We shouldn’t ignore the benefits that AI may offer in healthcare. Optimization and categorization are the bread and butter of AI tech, and diagnostics, prognostics and treatment decision-making all can potentially benefit. We’ve seen some of that manifested already. But at the same time, given the immense value of medical evidence, remember that right now AI can be turned towards anyone’s goals.
It’s not just medical evidence that OpenAI can synthesise. Philosophers of medicine such as myself can watch our backs. I fed TalktoTransformer small snippets of my PhD thesis on Hierarchies of Evidence, and it generated swathes of philosophical musings on evidence, like this one:
I then argue that the content and defensibility of certain philosophical commitments, and of specific theories, is determined by the role of an individual and his or her interactionist conception of human nature. In this understanding of human nature, human beings have been interpreted differently under different levels of reasoning because of human differences in the types of capacities for which they make the judgement as well as their capacity to respond. This interactionist conception also includes a conception of our cognitive and moral capacities as well.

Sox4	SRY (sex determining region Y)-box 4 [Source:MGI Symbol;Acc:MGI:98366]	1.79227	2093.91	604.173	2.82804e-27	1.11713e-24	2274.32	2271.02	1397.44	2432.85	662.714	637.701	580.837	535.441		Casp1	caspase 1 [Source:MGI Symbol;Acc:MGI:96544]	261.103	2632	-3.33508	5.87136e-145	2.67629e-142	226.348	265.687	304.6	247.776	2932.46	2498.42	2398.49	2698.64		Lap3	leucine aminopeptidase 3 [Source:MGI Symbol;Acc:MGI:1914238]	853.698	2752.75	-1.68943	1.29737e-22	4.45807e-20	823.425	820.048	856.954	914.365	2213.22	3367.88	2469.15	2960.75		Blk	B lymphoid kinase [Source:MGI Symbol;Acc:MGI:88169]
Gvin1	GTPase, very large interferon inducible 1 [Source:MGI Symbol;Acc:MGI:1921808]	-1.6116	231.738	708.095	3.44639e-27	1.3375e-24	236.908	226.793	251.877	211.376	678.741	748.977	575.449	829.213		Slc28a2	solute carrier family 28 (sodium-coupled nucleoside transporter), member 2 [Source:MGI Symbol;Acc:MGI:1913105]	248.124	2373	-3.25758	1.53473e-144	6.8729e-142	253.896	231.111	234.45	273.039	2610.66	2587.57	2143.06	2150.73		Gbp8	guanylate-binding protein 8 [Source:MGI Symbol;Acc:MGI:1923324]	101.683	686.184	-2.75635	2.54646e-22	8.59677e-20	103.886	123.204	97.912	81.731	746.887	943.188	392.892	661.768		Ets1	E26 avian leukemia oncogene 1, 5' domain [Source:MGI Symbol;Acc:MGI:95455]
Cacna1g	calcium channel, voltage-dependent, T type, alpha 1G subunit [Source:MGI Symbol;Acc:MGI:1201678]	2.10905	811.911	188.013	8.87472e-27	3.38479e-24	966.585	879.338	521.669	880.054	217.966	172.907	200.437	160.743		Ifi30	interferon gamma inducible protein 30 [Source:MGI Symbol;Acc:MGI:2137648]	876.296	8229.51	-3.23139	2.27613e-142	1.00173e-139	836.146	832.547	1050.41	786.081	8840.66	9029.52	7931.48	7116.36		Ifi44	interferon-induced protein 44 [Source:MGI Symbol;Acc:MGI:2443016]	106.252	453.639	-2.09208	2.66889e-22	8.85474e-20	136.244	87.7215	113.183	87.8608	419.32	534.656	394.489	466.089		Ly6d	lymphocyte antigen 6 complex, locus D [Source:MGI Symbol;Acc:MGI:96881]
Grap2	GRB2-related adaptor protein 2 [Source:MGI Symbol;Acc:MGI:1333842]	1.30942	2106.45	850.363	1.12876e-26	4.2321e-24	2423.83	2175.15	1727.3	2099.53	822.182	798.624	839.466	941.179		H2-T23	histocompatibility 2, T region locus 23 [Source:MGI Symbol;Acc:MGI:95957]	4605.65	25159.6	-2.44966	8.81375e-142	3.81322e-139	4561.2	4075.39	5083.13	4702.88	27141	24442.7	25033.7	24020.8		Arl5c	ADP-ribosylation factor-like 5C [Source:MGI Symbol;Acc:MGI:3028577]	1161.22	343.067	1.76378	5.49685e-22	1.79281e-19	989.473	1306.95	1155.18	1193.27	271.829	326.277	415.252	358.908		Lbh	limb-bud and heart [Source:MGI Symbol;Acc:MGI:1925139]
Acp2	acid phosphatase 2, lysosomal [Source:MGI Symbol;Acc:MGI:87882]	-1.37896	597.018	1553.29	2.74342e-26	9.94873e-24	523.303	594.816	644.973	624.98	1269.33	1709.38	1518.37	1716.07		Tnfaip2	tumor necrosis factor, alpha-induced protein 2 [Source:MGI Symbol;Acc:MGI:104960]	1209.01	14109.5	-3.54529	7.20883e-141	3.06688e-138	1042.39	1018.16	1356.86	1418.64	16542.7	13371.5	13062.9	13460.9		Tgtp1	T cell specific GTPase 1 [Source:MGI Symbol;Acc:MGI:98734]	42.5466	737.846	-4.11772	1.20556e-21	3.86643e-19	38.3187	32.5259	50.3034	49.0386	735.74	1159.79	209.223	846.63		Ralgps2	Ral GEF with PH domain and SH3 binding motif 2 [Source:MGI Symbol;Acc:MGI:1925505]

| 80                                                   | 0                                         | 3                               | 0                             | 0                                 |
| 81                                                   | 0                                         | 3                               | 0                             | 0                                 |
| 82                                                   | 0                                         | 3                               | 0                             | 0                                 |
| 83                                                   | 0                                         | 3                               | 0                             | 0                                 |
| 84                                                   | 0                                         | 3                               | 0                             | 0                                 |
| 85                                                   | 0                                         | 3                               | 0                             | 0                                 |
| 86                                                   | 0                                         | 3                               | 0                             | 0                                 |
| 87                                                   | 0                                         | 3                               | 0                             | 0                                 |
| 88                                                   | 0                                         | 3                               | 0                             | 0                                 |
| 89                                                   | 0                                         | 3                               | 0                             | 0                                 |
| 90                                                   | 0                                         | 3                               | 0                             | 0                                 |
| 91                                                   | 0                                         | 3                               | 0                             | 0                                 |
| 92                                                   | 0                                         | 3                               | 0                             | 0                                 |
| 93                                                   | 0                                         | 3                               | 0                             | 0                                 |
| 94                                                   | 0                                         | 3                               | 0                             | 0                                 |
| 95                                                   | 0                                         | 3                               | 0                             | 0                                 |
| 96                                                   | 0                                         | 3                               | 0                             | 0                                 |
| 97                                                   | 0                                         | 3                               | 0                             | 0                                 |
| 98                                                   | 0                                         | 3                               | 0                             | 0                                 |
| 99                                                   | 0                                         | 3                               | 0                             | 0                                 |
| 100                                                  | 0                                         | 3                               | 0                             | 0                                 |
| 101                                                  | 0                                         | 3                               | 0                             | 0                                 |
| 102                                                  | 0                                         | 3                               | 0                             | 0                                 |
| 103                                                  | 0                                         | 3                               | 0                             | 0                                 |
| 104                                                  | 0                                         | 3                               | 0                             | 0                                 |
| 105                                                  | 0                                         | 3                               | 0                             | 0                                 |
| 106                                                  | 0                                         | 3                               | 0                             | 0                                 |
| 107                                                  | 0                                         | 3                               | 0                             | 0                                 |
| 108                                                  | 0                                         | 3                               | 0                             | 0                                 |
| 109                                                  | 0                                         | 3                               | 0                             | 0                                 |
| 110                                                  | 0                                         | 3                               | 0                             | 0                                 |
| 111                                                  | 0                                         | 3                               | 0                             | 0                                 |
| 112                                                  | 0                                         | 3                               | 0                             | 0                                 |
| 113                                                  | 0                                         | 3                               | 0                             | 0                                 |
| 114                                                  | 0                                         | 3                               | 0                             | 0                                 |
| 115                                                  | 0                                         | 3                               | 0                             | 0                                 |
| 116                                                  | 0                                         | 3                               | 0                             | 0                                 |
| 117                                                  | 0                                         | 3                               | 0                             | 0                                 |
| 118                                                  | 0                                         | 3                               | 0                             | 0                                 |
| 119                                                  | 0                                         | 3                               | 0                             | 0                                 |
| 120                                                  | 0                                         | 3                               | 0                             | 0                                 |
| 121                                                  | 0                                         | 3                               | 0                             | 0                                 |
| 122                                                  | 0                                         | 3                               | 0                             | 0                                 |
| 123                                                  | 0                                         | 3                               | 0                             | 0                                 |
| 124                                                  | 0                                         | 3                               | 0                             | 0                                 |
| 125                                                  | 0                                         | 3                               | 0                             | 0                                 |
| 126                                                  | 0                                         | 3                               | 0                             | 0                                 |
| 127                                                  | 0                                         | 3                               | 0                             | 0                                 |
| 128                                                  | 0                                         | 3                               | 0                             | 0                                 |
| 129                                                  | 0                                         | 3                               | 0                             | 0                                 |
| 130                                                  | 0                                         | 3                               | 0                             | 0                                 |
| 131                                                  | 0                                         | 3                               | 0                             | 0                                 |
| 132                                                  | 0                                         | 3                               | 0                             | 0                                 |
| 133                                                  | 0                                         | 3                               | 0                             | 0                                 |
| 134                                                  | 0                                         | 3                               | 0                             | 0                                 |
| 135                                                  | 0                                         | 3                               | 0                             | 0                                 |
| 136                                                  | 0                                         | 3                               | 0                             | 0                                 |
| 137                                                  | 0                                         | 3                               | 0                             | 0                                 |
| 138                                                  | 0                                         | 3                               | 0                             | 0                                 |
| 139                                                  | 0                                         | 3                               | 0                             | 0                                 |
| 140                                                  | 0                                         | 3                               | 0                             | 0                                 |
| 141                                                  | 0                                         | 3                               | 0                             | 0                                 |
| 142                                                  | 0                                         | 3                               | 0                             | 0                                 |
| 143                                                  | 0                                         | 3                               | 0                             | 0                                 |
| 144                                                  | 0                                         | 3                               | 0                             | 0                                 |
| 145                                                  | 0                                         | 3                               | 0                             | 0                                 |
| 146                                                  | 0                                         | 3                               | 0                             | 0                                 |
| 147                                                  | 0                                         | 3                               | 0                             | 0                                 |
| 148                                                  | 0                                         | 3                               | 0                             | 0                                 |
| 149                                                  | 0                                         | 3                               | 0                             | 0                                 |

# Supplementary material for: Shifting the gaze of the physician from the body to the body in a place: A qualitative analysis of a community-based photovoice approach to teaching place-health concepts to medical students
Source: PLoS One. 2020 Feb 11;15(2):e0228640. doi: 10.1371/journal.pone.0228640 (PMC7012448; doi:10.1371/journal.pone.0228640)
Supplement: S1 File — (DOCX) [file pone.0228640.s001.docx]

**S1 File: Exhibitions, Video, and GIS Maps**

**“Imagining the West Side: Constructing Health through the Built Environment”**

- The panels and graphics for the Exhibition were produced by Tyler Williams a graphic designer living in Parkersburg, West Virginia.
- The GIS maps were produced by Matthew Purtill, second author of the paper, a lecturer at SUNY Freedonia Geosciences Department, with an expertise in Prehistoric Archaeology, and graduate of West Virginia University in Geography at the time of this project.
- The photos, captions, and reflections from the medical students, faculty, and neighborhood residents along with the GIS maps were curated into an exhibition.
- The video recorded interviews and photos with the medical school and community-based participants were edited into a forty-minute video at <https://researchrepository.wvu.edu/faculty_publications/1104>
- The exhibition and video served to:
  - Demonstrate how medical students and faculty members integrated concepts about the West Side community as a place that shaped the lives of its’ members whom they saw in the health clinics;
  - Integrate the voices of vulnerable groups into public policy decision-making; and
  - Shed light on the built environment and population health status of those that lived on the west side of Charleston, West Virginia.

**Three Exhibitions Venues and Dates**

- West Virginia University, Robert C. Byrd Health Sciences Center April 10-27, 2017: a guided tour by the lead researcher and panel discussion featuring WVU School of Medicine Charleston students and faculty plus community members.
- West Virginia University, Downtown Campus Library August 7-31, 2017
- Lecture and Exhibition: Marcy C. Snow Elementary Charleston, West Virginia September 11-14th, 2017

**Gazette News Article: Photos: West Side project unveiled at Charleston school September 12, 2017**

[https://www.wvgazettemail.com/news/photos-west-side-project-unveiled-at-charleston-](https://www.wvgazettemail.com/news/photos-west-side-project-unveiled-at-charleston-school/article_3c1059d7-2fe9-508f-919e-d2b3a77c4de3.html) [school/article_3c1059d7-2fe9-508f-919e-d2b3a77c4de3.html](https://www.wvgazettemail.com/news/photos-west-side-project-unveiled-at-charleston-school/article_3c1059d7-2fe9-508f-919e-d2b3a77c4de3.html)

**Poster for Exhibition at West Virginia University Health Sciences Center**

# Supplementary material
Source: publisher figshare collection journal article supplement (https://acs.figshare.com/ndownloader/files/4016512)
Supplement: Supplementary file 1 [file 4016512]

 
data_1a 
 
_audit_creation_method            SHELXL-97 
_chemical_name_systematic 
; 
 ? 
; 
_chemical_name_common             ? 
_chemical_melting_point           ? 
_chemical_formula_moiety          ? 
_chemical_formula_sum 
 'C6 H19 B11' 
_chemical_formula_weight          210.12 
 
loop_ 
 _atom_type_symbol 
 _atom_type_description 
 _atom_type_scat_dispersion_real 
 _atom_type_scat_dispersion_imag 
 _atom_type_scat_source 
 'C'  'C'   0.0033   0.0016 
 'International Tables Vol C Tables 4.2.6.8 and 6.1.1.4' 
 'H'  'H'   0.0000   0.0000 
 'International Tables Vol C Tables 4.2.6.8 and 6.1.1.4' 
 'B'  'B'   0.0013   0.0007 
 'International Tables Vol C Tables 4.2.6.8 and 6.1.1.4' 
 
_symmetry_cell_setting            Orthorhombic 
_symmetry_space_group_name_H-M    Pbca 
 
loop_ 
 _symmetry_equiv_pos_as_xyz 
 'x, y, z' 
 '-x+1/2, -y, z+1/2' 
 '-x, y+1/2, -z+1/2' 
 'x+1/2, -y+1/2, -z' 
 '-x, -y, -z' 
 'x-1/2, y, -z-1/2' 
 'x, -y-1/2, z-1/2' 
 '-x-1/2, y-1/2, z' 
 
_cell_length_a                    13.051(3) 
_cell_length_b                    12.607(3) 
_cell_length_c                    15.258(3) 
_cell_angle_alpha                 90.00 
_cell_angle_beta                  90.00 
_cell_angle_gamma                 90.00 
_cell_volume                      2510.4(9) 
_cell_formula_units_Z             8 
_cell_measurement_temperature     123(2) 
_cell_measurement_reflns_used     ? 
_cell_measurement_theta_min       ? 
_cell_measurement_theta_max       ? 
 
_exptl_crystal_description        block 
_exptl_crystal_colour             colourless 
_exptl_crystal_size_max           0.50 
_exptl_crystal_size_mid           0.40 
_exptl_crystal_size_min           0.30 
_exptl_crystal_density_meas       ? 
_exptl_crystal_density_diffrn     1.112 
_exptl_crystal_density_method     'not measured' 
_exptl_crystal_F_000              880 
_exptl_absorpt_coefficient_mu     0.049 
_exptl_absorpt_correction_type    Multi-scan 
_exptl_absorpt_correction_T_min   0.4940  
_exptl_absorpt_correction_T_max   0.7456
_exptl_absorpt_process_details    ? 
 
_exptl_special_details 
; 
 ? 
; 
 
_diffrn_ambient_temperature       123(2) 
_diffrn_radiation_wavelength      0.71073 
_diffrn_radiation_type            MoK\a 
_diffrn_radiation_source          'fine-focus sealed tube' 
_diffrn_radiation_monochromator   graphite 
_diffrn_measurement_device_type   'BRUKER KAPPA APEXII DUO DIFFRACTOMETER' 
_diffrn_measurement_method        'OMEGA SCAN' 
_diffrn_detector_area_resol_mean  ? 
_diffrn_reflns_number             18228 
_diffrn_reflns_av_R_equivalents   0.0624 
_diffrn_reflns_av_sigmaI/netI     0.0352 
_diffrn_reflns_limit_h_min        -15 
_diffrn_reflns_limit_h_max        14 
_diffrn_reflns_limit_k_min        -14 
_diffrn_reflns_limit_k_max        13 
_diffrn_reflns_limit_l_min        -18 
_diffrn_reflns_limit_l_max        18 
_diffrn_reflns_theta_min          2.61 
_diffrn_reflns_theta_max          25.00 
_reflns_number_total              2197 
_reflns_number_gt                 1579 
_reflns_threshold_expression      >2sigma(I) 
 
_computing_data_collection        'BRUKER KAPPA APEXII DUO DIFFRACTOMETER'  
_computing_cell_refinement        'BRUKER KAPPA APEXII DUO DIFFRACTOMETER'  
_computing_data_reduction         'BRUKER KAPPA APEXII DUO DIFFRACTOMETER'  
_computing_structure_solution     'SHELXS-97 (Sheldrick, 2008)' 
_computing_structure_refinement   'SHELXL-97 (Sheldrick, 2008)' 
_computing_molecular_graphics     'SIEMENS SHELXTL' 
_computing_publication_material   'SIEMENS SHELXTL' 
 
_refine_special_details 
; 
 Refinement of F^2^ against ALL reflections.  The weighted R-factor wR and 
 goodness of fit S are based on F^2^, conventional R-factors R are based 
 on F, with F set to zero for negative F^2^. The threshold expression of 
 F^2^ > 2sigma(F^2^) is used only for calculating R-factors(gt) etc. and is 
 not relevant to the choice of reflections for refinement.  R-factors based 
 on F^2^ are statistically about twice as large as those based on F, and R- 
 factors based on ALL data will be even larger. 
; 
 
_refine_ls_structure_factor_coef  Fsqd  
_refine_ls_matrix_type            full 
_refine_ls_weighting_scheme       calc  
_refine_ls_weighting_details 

The claim that follows from causality is that there is an empirical requirement for the claim that A causes B. The claim that causality is a necessary property of all things is that it is appropriate for the non-causal property of causality to be a necessary property of all things too.
It may not be Wittgenstein (yet) but it also loves a good list, and had no problem emulating his style to rewrite some of the Tractatus. I challenge you, without peeking at the original, to tell me where exactly Wittgenstein ends and the computer takes over:
1. The world is everything that is the case.
1.1. The world is the totality of facts, not of things.
1.11 The world is determined by the facts, and by these being all the facts.
1.12 For the totality of facts determines both what is the case, and also all that is not the case.
1.13 This totality of facts and all its consequences cannot be known without reference to the sum of its parts.
1.1.3. What is true and true is not a contradiction,but something other than itself.
1.14 Thus, what is a fact is the totality of facts. It can be known only by reference to all the facts. And if the facts receive a priori reference in this manner, they necessarily are true.
1.15 Hence, the totality of facts cannot be known without reference to all things or of the relations between them.
1.16 A proposition is true if its premises are true.
1.17 Therefore, everything true and true is itself.
2. The world contains two sides of the same object.
2.1. The truth of something else cannot exist in itself.
2.2. Therefore, nothing exists in itself.
Answers on a postcard.